Now, when you think “Call of Duty,” most think of how it revolutionized online competitive multiplayer this generation. CoD fans largely flock to Black Ops 1 for its critically–acclaimed multiplayer component, however, it now seems as though Black Ops II has dethroned the original in terms of having the best all-around multiplayer. Black Ops II’s multiplayer is so refined and fun that it’ll keep you coming back night after night—if multiplayer is your thing, anyway.
Treyarch has once again stripped the nuts and bolts out of multiplayer and rebuilt it so that you can customize your loadouts more than ever. Starting from level 1, you never feel like you don’t have access to any powerful weapons; everything feels just as balanced, familiar and new as it should. Levelling up and creating your classes is noticeably more addictive and fun, thanks to the new way you equip your weapons and perks. Instead of having a set amount of item you bring with you into battle, you can choose how much equipment you bring with you versus how many perks you have. Want to focus on having a god-like primary weapon with three attachments and perks to complement it? No problem, but you might have to leave your lethal/secondary grenades behind, or even your secondary weapon. You can even go into battles without any weapons equipped (except your knife, obviously) but have a large amount of perks equipped, practically making you a superhuman when you do actually pick up a gun.
Scorestreaks have also been reworked and balanced, with all-new futuristic rewards like the Dragonfire, a flying robot that you control in the air and use to shoot down your opposition, or the Guardian, a turret that spits out a wall of microwaves to slow and damage your opponents. Don’t worry: you’ll still find the familiarity of UAVs, Care Packages, Sentry Guns and more in Black Ops II though. Scorestreaks—unlike Killstreaks—are also rewarded for completing objectives and helping out your team in various ways, meaning that you’ll still do well if you’re a support-style player.
New features to multiplayer include CODcasting: a replay/spectating mode where players can record audio over their recorded game sessions, a feature Treyarch hopes will be adopted by the competition scene just as much as the YouTube scene. Also worth mentioning is Black Ops’ new ability to Live Stream any game from the console to the web or, in theory, to a mobile device.
There are more small-to-decently-sized changes that make Black Ops II multiplayer arguably the best Call of Duty multiplayer experience yet. The addition of League Play, where players can create ranked teams with friends to progress through skill-based matchmaking and seasonal ladders, is a nice addition that should cater to the competitive crowd. Being constantly matched with a team of your skill-level, winning matches in League Play means that you move up in rank, from bronze to gold and higher. Other changes like maps being generally smaller, shareable and greatly customizable emblems, as well as the rebalancing of weapons and when you unlock them are all just small examples of why Black Ops II multiplayer is so fun to play. New and returning game modes aside, at the end of the day, it’s more of the same, but just different enough where it feels fresh and fun again.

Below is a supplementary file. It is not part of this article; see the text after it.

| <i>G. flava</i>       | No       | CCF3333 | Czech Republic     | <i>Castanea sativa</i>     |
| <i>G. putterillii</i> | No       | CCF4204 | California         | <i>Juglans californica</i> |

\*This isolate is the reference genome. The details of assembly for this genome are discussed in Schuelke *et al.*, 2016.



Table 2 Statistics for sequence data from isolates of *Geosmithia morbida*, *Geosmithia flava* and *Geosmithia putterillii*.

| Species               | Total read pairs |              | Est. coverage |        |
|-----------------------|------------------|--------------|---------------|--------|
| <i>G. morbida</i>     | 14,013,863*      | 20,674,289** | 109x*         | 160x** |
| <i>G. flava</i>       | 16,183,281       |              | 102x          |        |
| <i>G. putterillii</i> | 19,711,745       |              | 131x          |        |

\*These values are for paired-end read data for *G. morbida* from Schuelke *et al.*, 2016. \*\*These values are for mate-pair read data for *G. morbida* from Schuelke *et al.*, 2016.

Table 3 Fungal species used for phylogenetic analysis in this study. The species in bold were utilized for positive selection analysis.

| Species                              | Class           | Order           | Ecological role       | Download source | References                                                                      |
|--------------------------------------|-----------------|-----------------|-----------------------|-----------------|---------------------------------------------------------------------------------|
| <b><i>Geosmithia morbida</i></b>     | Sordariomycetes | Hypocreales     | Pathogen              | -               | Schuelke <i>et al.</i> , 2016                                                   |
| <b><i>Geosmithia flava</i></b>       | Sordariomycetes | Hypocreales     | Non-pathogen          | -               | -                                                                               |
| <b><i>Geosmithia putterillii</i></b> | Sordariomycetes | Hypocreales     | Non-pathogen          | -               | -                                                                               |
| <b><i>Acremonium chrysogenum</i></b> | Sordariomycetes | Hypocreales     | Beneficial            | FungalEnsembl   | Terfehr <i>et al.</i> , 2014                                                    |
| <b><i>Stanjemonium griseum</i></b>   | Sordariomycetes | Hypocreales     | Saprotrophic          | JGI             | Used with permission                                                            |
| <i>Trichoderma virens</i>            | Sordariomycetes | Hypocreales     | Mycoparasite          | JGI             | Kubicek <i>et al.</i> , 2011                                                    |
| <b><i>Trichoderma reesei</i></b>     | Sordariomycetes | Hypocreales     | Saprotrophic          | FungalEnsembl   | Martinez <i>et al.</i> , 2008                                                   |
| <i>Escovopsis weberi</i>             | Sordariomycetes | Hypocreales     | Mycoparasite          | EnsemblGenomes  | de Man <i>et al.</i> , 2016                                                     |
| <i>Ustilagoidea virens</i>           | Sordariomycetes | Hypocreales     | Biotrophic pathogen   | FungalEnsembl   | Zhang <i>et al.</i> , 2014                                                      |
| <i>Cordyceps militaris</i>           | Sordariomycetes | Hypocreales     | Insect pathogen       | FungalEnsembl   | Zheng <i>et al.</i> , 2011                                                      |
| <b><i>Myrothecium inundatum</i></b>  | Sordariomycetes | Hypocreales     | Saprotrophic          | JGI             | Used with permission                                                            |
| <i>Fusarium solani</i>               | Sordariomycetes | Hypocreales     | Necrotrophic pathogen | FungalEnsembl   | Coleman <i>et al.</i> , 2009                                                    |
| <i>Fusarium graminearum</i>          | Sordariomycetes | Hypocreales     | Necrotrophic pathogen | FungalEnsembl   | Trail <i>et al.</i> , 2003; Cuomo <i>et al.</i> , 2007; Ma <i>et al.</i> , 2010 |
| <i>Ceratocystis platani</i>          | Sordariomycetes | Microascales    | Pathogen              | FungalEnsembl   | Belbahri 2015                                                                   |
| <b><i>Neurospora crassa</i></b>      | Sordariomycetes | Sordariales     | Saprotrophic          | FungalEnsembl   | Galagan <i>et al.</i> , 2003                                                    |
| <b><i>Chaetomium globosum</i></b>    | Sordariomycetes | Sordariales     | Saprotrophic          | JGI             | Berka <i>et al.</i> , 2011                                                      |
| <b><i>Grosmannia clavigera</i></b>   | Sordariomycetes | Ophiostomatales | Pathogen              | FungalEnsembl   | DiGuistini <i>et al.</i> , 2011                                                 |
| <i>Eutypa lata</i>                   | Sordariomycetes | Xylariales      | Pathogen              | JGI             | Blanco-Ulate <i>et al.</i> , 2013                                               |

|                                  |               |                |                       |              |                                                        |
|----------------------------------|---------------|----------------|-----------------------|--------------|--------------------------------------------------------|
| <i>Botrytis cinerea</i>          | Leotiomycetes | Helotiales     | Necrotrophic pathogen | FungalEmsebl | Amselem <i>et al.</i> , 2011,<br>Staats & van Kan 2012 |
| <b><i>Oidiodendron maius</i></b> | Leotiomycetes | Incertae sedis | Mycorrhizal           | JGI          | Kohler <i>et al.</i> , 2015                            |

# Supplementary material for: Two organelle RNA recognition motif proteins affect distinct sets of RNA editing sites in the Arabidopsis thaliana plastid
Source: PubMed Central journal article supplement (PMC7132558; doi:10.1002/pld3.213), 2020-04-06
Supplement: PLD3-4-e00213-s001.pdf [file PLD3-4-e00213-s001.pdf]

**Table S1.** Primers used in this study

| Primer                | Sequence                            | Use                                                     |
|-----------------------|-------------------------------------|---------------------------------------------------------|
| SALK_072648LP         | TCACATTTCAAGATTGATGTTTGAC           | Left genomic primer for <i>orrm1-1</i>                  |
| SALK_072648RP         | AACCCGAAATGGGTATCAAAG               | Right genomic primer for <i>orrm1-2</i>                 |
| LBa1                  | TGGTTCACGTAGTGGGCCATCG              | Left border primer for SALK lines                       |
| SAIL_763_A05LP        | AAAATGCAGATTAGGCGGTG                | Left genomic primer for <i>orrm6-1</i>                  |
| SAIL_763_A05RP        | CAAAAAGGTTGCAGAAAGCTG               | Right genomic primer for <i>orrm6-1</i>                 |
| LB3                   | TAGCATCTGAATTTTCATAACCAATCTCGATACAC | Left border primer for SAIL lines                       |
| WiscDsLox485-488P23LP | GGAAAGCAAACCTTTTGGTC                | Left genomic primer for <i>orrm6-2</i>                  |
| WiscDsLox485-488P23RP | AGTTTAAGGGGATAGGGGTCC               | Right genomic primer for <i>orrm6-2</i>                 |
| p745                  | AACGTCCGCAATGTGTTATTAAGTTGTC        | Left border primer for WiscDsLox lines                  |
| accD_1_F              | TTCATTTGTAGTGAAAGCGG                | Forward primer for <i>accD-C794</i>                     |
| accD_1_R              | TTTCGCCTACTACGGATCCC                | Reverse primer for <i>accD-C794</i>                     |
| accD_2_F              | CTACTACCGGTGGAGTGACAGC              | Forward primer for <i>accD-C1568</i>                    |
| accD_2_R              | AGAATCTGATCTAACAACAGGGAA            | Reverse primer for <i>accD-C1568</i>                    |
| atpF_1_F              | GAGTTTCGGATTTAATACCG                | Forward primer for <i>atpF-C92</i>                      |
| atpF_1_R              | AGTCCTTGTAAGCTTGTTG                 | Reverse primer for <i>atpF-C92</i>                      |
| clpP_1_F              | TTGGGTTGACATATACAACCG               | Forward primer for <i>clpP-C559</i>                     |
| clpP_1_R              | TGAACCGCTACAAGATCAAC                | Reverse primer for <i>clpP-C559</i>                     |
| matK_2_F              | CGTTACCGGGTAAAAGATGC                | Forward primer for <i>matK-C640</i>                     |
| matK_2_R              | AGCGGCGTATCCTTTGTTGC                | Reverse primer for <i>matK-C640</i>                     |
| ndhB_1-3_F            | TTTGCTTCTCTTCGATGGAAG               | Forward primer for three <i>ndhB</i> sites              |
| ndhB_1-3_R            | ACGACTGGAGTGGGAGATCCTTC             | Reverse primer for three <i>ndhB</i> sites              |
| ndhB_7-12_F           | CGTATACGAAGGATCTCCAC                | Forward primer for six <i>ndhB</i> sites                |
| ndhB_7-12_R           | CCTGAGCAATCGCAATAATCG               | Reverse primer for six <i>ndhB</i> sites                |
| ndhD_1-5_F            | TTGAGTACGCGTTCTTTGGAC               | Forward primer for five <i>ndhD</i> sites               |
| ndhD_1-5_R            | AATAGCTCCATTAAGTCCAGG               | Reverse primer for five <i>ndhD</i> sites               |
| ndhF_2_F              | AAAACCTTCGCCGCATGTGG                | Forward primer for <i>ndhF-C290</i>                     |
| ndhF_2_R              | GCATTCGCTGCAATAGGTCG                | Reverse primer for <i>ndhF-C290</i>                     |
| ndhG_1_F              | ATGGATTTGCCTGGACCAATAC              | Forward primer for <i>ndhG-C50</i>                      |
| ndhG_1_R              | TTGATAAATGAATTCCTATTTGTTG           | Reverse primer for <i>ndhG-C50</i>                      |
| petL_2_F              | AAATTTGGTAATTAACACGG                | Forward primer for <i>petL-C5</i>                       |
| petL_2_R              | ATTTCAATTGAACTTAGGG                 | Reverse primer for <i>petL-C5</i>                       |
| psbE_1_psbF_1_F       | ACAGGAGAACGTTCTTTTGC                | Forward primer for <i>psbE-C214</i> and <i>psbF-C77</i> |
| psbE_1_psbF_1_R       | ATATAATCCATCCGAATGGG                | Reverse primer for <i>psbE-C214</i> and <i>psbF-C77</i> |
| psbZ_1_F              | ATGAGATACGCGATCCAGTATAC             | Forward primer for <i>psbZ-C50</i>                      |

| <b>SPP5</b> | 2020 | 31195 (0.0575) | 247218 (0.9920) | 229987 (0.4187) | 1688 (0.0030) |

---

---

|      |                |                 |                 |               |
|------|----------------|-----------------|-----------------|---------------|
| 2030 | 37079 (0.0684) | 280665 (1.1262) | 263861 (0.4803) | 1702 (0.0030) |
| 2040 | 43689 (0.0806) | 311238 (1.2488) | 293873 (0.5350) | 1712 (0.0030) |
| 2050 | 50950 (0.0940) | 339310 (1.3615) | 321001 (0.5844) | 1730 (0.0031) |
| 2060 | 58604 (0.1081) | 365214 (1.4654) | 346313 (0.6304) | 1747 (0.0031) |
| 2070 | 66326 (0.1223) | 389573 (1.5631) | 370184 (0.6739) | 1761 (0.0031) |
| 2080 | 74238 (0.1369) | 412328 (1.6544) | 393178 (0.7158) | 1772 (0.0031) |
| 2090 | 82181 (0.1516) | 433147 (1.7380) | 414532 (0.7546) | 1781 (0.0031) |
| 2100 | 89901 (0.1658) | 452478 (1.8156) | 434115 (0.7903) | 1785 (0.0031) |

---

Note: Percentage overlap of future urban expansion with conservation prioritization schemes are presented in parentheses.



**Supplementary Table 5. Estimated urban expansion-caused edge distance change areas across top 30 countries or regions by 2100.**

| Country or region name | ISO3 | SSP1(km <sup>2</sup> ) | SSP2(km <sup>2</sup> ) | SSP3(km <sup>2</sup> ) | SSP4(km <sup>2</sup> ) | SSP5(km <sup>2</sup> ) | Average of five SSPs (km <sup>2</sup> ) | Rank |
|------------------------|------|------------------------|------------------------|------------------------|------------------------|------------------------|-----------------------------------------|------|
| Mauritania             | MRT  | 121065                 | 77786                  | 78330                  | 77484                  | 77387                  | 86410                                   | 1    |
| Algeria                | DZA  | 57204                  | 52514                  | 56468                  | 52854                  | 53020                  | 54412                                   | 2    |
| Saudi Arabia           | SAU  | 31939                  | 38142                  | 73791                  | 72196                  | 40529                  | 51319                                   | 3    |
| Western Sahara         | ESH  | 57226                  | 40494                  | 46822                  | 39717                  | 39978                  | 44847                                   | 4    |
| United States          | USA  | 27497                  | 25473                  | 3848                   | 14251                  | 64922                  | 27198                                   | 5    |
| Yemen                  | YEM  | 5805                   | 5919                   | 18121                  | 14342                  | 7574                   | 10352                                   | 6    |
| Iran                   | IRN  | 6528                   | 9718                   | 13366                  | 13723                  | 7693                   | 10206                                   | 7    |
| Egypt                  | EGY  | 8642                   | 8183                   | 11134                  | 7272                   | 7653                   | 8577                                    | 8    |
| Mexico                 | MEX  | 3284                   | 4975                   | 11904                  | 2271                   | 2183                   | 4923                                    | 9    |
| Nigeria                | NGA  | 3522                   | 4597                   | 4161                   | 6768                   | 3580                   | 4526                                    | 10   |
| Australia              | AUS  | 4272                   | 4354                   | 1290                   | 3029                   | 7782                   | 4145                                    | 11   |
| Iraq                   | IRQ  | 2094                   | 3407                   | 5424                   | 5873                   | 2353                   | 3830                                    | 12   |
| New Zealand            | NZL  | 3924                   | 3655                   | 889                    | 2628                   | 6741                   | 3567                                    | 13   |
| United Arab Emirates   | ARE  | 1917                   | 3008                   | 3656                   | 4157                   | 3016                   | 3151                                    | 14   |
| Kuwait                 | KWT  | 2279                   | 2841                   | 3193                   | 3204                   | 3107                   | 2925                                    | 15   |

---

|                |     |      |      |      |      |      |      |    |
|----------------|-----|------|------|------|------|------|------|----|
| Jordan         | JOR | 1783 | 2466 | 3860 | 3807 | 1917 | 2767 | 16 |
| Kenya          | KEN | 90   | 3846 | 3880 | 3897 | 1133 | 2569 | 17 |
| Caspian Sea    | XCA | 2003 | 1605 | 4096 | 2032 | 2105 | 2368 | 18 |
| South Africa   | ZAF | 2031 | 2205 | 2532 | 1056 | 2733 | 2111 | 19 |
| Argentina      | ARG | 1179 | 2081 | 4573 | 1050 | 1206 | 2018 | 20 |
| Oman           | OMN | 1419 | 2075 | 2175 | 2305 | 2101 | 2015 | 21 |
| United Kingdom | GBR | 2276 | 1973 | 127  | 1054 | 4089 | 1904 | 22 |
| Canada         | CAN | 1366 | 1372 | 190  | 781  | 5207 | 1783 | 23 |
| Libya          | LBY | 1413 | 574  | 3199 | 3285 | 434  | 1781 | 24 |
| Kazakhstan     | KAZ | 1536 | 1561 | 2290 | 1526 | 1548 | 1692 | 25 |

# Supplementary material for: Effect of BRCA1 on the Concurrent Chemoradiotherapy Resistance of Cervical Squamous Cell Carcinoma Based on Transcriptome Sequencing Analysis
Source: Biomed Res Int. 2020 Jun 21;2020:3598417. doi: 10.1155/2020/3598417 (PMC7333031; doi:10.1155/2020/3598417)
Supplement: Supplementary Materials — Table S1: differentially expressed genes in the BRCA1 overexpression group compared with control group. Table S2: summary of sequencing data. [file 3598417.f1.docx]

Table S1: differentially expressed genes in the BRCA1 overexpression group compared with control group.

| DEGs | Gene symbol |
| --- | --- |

It’s worth mentioning that Call of Duty ELITE is now free as of Black Ops II’s release. This means you’ll be able to access the app on either your console or mobile devices/tablets to access a multitude of multiplayer stats and options, as well as the ability to find friends, start your own clan, win prizes and more.
Now on to the third and final piece of the pie that is Call of Duty: Black Ops II: Zombies mode. Unfortunately, I don’t have nearly as much to say about this whole part of the game since it’s without a doubt the most uninteresting to me. I’m just as big a fan of the “zombie genre” as the next guy, but Call of Duty zombies never really lived up to either Single Player or Multiplayer modes in each respective game it’s been in.
The biggest addition to this game’s Zombies portion is “Tranzit,” a mode where you can take a bus from level to level in order mesh all stages into one big adventure. You’re also able to play “Grief Mode” where your team of four survivors can interact with another group of four players by shooting/attacking them. You can’t damage other players, but you can blur their vision and knock them back into zombies to—as the game mode names implies—grief them. It’s a fun little addition, but nothing that makes Zombies any more special.
“Zombies” just doesn’t match the calibre of neither Single Player nor Multiplayer in terms of quality and refinement. That being said, there’s still a lot for zombies fans to do here: hidden easter eggs, the ridiculous and un-funny dialogue and the usual “Survival” mode, where you’ll take on hordes of zombies, round after round, until you die, is all here. If you absolutely love CoD Zombies, then you’ll be happy with this offering. If not, don’t expect this mode to attract new players in any way.
Instead of Zombies, I would have much preferred to see an update to Modern Warfare 3’s Spec Ops mode, which is, to me, a more fun co-operative experience all around, but I understand that zombies is Treyarch’s thing.
In terms of presentation, Black Ops II is the series high-point for Call of Duty. Rather impressive facial animations and expressions really help the dated graphics engine from showing its age. The sound design was also very impressive this time around, with a focus on making guns and explosions sound more…explosive than ever. Voice acting is top-notch as well.
I spent a good amount of time with both the Xbox 360 and PlayStation 3 versions of the game, and I’m disappointed to report that the PS3 version suffered from slightly blurrier textures and slightly lower (and less consistent) frame rate throughout. It didn’t ruin the Single Player experience, but side-by-side, the PS3 version just seems to pop less than the 360 version. You do have the option to install textures to the hard drive, but that does little to help the overall look of the game.
In the end, I’m surprised to hear myself recommending another Call of Duty game after so many have been released this generation, but my craving to play the game speaks for itself. Even after the time I spent playing the game for review, I’m still eager to jump back on and rank up in multiplayer or see each different ending and how different scenarios play out in campaign mode. If you’re a big fan of Call of Duty games, you’ll probably buy this game anyway. However, even if you’re not, take comfort in the fact that Treyarch didn’t drop the ball with Black Ops II. Instead, they showed that there’s still more juice to squeeze from this formula and that it not only works, but is still fun and very welcomed. Sure, the changes in Black Ops II feel more like alterations that make things feel less stale instead of actually evolving the franchise to its next level, but that’s okay so long as it feels this fresh.